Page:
The Over-Building of Vancouver

February 26, 2013

Mayor Robertson and his Vision Vancouver crew at City Hall continue to push for ever more densification.  Vision and their allies claim that we need to keep building to solve the housing affordability crisis, even though this strategy has been tried since before Sam Sullivan’s EcoDensity days, always without success — the ever-increasing cost of property in Vancouver since, say, 2000 proves the failure.

This desire for more new building — which only helps the development industry keep the money flowing — is creating an alarming situation where Vancouver is being over-built.  Proof of this claim is to be found in the 2011 Census data.

The 2011 census for Vancouver shows that there were a total of 286,742 private dwellings in the city.  A “private dwelling” is defined as “a separate set of living quarters designed for or converted for human habitation in which a person or group of persons reside or could reside.” In other words, a house, a condo, an apartment, or anything similar. The same census shows that only 264,573 of those dwellings were occupied by “regular” residents of Vancouver, i.e., those folks who claim Vancouver as their place of residence.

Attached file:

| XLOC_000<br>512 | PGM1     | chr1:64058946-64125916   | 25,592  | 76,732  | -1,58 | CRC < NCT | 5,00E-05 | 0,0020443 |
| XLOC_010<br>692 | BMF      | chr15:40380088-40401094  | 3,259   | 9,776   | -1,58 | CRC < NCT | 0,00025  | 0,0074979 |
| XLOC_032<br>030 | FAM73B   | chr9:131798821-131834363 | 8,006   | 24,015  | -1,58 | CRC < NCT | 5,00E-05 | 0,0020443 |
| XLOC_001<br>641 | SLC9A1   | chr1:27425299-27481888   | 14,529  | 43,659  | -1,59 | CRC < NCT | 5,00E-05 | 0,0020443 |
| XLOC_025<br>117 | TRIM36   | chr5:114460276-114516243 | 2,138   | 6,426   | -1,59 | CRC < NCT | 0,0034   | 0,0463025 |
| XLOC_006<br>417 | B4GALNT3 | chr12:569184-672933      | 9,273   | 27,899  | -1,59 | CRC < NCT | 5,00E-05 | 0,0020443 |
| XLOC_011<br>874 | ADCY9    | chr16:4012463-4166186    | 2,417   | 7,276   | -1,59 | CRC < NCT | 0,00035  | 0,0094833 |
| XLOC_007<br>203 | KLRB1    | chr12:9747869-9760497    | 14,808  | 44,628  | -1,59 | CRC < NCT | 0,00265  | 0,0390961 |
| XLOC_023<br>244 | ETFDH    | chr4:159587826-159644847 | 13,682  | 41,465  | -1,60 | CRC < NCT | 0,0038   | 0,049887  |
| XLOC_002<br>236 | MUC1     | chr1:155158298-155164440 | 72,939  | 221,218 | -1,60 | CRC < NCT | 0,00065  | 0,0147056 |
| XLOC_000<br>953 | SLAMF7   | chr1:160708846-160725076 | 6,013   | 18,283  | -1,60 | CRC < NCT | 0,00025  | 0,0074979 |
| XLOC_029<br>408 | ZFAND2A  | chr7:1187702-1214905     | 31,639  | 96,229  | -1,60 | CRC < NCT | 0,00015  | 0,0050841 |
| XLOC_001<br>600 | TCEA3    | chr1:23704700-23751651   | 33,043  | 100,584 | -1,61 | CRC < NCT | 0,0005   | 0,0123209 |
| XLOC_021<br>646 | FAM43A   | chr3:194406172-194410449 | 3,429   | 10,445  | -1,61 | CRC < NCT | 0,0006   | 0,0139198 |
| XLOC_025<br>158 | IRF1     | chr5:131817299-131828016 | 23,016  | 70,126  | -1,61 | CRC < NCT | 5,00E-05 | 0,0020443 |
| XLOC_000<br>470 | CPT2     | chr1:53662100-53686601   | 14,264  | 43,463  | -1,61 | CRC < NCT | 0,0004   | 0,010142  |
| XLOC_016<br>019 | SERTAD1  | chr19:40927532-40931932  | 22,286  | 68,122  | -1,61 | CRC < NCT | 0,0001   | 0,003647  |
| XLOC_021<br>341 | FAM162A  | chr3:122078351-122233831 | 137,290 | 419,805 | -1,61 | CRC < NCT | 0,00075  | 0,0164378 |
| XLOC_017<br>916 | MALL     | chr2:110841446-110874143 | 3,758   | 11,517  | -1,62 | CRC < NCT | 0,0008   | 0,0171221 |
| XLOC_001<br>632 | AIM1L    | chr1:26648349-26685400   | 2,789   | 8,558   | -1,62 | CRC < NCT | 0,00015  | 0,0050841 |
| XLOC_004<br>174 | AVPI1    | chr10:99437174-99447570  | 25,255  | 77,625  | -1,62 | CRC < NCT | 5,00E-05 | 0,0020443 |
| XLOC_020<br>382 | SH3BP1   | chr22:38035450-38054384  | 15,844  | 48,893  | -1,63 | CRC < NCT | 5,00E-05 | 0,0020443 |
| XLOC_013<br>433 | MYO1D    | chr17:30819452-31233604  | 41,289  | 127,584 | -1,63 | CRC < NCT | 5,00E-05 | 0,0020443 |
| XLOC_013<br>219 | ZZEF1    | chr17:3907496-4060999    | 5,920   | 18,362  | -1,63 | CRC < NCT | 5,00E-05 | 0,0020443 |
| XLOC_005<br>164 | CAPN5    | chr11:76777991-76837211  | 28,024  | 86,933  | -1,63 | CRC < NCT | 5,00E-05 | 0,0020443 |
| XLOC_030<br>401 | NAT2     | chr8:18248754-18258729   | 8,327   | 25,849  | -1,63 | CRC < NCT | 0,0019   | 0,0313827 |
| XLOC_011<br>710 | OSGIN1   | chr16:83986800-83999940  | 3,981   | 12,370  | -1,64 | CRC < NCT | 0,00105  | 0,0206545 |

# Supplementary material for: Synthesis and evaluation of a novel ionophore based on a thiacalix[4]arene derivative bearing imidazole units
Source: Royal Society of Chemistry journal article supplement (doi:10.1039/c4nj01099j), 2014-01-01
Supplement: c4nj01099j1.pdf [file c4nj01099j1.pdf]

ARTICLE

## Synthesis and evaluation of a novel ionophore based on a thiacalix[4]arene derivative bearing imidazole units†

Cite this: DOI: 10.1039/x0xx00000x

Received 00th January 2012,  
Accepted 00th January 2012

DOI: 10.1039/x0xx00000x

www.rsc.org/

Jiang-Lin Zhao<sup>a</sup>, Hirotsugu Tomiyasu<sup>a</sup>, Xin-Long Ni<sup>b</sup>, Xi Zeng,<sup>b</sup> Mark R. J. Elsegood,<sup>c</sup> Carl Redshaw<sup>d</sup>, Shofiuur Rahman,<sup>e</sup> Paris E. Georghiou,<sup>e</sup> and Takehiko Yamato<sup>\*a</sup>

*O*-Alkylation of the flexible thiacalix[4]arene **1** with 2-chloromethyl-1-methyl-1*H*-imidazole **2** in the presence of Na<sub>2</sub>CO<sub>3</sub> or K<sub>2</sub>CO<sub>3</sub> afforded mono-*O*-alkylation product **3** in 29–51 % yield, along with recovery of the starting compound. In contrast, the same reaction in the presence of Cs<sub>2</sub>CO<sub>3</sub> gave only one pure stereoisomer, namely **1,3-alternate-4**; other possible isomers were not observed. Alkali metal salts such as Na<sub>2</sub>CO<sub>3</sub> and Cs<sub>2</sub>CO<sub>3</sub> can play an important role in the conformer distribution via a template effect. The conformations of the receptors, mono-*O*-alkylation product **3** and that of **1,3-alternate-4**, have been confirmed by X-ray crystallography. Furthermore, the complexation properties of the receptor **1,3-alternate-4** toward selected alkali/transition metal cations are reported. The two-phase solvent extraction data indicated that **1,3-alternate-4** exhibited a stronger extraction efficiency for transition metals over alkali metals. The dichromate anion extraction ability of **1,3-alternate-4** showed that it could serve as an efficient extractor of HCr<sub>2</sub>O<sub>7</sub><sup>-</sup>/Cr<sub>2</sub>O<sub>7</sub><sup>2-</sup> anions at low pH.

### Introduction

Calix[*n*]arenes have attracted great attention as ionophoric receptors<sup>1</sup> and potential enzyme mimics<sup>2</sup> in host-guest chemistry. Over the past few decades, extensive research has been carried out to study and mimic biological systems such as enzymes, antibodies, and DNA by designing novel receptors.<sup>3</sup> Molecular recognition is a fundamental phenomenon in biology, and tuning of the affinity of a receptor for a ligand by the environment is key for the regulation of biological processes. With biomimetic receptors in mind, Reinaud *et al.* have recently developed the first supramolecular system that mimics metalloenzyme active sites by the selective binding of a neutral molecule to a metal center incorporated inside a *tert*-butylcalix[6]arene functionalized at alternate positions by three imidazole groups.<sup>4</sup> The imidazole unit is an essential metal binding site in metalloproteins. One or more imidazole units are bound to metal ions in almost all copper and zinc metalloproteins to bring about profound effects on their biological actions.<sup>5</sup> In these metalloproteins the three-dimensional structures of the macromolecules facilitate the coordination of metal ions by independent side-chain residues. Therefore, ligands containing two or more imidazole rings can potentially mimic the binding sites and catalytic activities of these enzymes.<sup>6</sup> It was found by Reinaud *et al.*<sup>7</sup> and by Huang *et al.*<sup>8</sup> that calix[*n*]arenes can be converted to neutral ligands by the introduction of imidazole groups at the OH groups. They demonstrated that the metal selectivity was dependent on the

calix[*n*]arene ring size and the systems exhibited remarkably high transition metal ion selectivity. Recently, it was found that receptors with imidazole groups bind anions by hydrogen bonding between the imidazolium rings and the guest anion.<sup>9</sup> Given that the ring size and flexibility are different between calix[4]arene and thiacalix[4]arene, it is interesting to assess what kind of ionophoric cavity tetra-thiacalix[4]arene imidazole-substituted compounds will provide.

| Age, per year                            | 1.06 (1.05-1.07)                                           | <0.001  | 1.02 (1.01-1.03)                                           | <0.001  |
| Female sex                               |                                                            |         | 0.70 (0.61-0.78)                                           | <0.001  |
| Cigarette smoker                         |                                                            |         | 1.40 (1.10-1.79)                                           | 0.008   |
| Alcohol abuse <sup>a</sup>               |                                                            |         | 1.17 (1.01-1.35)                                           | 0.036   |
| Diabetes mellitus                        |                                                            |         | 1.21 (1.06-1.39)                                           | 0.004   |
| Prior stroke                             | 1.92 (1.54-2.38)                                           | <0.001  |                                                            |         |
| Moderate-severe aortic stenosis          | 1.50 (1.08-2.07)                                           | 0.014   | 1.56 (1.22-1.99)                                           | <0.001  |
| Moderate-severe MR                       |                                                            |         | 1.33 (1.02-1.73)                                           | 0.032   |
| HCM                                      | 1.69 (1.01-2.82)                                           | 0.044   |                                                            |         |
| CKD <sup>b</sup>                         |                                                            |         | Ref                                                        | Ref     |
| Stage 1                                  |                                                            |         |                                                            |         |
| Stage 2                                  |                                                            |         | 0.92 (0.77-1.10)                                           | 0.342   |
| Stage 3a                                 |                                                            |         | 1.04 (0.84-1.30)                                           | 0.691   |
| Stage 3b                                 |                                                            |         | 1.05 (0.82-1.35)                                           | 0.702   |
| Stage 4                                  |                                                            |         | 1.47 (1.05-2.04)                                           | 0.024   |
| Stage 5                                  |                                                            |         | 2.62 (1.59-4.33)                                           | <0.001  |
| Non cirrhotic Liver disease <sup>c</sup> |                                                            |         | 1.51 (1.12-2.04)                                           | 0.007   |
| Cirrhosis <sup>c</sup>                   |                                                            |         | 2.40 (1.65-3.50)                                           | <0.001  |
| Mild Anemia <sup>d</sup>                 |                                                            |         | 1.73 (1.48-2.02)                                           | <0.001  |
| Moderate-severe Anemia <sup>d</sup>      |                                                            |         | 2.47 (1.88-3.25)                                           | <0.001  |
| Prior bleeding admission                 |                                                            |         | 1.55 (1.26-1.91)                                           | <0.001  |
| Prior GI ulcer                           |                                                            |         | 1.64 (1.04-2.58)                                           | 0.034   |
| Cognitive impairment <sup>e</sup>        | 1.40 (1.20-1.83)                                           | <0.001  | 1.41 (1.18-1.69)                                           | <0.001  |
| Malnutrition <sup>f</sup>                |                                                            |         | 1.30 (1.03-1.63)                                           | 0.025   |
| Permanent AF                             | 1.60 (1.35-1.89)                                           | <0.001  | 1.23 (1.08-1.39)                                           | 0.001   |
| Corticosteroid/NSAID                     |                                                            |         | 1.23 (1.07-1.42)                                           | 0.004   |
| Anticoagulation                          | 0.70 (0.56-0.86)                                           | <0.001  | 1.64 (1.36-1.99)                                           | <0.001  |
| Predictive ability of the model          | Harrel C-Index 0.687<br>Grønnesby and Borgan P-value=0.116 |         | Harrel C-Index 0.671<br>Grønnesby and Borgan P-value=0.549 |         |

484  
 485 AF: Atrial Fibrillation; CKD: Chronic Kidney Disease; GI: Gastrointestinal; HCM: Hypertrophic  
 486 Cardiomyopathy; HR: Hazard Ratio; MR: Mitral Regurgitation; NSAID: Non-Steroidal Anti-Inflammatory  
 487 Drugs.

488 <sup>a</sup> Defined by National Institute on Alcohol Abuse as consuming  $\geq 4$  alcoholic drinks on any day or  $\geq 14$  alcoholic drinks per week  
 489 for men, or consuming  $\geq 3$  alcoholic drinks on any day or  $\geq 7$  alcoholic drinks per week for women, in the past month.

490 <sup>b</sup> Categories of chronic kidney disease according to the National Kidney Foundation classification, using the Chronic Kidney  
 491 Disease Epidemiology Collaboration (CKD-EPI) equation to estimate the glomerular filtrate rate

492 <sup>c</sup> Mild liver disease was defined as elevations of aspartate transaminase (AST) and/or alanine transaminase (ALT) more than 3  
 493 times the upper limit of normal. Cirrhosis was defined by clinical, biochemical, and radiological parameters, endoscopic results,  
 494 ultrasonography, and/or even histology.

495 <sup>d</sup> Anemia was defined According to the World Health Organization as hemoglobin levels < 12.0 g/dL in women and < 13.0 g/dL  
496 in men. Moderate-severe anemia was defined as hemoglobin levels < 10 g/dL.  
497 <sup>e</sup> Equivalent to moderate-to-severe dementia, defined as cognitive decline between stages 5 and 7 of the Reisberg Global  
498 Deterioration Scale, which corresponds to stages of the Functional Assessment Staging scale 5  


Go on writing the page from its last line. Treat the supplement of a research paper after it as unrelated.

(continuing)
The difference of 22,269 dwellings (8% of the total) is made up of vacant dwellings or dwellings occupied by people who do not claim Vancouver as their place of residence.  

Stats Canada has not yet provided a breakdown of the 22,269 dwellings, so we are obliged to make some assumptions.

One of the abiding beliefs in Vancouver is that non-residents are driving the Lower Mainland housing market. Clearly, if one out of every twelve dwellings is occupied by non-residents then this claim is patently true.  However, supporters of “Vancouverism” (Vision and others) say that is just a myth and isn’t so; and who are we to disagree?

Which means that most of these 22,269 dwellings are vacant.

It gets worse:  That 22,269 number does not include buildings that were under construction at the time of the census.  Nor does it include the vast numbers of additional units that Vision Vancouver’s majority on Council — generally against strong neighbourhood opinion — have approved since the census.

And lest Vision and its surrogates try to say the 2011 figures were just a blip, the relevant figure for 2006 was 20,592 showing that under Vision’s management this problem has grown by 10% and, of course, continues to grow as Vision continues to feed their development buddies.

The Census figures clearly show that, either the non-resident occupiers are distorting the housing marketplace or that Vancouver is seriously over-built.  Given the arguments by Vision and its pals that the former is not the case, then the latter must be true.